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Unanticipated Money Growth And Output Fluctuations


  • Sheffrin, Steven M.


Almost all tests of rational expectation models have been conducted under the hypothesis of complete price flexibility. In these models, it is unanticipated inflation that causes business fluctuations. William Poole (1976] recently reviewed empirical studies of rational expectation models and concluded that they fail to explain the persistence of business cycles. 1 However, rational expectation models because of their striking theoretical implications do deserve more extensive testing. In this paper, it is shown that even without instantaneous price adjustment it is possible to have cyclical fluctuations in output arising solely from informational inadequacies. A test of this hypothesis is developed which involves looking directly at unanticipated money growth and fiscal policy. Series for unanticipated money growth and fiscal variables are calculated from time-series analysis; economic actors are taken to use all currently available time-series information for forecasting. A minor econometric innovation is a procedure for preventing future values of a stochastic process from affecting current estimates of the process that the agents use.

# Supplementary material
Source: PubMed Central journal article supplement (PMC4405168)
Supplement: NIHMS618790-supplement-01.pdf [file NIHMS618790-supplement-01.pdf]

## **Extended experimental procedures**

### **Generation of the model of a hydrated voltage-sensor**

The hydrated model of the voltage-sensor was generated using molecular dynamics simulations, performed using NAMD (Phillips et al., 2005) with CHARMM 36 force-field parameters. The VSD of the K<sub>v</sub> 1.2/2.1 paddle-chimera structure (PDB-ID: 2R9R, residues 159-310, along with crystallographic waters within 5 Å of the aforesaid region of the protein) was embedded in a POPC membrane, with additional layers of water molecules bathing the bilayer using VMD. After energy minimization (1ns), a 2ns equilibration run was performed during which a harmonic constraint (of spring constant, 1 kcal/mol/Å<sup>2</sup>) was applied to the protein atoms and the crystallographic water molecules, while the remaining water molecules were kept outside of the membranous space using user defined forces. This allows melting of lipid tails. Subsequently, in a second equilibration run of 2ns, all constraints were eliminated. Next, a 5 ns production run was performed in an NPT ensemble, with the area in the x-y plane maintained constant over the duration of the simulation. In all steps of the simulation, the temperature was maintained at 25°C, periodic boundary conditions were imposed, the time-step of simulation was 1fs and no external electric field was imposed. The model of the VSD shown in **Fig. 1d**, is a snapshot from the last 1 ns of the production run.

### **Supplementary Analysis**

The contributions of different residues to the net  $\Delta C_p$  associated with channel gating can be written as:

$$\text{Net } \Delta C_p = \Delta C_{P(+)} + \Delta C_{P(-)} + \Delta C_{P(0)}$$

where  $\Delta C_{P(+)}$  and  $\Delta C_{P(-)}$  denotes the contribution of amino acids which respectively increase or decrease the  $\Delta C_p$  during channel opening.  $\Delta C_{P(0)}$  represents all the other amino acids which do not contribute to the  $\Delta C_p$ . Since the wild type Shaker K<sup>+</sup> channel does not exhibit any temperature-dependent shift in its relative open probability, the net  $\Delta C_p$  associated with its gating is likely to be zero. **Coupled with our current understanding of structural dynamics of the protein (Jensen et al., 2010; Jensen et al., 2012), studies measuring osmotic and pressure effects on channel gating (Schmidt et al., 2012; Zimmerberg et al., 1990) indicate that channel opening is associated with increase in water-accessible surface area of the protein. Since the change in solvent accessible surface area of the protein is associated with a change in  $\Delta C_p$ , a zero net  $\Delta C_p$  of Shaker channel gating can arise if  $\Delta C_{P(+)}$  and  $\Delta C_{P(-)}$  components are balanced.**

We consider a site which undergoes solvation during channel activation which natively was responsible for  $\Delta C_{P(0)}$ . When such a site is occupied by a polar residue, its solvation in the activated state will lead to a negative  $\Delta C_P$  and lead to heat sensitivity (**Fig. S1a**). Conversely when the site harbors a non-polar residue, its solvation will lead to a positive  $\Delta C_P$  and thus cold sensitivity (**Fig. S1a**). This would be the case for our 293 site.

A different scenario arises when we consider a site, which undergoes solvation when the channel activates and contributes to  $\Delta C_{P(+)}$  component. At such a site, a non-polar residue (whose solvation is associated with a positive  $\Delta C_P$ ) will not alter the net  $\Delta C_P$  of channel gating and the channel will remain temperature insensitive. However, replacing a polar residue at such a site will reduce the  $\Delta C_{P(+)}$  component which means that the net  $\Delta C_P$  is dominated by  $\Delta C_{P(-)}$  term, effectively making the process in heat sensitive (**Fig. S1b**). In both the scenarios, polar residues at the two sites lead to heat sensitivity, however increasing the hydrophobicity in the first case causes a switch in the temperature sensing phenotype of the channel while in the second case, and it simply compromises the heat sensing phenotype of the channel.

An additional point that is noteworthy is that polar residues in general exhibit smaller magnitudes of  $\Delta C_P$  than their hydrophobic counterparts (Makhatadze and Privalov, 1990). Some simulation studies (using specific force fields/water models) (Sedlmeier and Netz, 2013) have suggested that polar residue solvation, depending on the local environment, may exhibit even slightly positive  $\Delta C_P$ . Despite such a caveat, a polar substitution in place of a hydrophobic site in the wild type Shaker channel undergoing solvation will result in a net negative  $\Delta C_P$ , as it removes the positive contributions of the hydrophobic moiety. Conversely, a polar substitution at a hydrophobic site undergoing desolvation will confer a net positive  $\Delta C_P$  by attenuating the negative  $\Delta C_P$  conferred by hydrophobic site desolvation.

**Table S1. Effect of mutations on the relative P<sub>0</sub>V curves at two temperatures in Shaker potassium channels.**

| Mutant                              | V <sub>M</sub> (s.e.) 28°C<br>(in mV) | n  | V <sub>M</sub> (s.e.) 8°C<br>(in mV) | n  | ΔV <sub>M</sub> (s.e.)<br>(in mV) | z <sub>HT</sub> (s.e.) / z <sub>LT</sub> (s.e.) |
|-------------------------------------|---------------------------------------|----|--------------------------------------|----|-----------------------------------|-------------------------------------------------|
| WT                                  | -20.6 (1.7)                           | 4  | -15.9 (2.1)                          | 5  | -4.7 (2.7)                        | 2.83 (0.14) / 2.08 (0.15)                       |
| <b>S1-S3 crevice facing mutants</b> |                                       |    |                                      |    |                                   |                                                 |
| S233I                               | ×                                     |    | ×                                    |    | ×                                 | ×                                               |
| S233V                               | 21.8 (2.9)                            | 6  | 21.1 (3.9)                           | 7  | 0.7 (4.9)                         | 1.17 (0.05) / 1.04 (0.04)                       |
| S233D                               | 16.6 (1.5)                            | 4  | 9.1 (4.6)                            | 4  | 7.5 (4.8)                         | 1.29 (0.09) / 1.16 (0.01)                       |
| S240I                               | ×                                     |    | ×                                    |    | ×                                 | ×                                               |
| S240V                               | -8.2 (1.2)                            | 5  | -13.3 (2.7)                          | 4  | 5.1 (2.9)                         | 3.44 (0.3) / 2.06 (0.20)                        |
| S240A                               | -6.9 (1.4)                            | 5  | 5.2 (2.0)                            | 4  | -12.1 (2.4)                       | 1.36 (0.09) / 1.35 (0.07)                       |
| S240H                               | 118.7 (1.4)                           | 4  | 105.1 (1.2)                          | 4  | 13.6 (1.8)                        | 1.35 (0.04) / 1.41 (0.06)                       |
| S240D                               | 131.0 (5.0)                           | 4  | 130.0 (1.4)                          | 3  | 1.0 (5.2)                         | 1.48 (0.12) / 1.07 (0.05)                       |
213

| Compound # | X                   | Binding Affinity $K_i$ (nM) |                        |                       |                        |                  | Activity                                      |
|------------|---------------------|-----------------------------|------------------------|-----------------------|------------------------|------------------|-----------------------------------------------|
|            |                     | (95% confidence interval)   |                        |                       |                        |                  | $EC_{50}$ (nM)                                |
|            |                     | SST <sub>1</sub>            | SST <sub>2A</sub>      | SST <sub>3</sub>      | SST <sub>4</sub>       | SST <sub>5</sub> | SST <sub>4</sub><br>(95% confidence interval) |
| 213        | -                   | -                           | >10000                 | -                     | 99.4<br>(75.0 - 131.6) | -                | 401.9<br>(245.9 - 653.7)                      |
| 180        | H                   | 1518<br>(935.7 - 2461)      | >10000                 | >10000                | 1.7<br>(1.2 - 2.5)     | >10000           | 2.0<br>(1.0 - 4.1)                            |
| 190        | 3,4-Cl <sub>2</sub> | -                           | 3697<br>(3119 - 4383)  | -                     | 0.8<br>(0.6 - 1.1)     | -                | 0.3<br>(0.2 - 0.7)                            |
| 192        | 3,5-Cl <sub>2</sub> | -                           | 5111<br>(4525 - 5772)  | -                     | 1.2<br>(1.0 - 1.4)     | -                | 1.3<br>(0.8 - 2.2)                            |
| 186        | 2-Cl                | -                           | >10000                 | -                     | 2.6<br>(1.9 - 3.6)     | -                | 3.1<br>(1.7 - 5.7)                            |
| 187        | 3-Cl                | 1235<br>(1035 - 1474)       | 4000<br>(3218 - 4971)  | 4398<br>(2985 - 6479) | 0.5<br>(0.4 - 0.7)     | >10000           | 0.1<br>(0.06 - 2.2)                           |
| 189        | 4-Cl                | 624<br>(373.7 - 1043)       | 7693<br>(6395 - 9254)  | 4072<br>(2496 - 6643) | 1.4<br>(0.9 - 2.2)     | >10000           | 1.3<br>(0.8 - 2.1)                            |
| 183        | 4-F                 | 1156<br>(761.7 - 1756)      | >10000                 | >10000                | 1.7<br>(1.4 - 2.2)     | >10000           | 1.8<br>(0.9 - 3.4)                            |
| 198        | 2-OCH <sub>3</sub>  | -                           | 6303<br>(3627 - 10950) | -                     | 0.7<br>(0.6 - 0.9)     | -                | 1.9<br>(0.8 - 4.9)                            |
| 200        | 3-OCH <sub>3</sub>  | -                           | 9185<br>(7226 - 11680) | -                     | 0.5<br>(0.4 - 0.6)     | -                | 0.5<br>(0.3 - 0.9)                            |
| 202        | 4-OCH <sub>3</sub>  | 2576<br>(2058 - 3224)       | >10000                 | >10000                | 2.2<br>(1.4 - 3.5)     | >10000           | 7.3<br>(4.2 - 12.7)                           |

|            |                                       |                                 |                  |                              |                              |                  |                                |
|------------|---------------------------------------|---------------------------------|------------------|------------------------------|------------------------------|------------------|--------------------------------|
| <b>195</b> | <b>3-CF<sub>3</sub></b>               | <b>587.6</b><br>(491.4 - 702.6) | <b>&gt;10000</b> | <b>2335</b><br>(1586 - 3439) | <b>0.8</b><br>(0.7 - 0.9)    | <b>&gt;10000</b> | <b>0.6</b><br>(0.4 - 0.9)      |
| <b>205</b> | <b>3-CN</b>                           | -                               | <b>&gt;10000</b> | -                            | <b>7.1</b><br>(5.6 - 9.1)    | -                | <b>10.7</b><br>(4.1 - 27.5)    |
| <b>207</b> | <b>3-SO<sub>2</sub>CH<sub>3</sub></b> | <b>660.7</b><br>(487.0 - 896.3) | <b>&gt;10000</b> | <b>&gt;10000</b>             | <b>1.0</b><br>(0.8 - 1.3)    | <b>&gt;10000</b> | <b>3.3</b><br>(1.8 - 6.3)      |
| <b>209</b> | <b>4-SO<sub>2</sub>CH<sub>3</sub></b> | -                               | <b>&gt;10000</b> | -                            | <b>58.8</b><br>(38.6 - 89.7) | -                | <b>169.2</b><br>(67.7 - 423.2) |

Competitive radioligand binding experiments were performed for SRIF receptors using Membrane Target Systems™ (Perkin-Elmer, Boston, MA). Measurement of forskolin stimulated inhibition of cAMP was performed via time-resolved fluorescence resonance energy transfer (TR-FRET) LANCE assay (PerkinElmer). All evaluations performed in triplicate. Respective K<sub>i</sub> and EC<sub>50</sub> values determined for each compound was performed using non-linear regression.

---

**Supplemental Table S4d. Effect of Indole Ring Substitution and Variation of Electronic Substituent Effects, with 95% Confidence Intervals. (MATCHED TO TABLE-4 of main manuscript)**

Suggested Citation

  • Sheffrin, Steven M., 1977. "Unanticipated Money Growth And Output Fluctuations," 1977 AAEA-WAEA Joint Meeting, July 31-August 3, San Diego, California 283620, American Agricultural Economics Association (New Name 2008: Agricultural and Applied Economics Association).
  • Handle: RePEc:ags:aaea77:283620
    DOI: 10.22004/ag.econ.283620

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    Cited by:

    1. Makin, John H, 1982. "Anticipated Money, Inflation Uncertainty and Real Economic Activity," The Review of Economics and Statistics, MIT Press, vol. 64(1), pages 126-134, February.
    2. Taamouti, Abderrahim & Gonzalo, Jesús, 2011. "The reaction of stock market returns to anticipated unemployment," UC3M Working papers. Economics we1145, Universidad Carlos III de Madrid. Departamento de Economía.
    3. Gordon, Robert J, 1982. "Price Inertia and Policy Ineffectiveness in the United States, 1890-1980," Journal of Political Economy, University of Chicago Press, vol. 90(6), pages 1087-1117, December.

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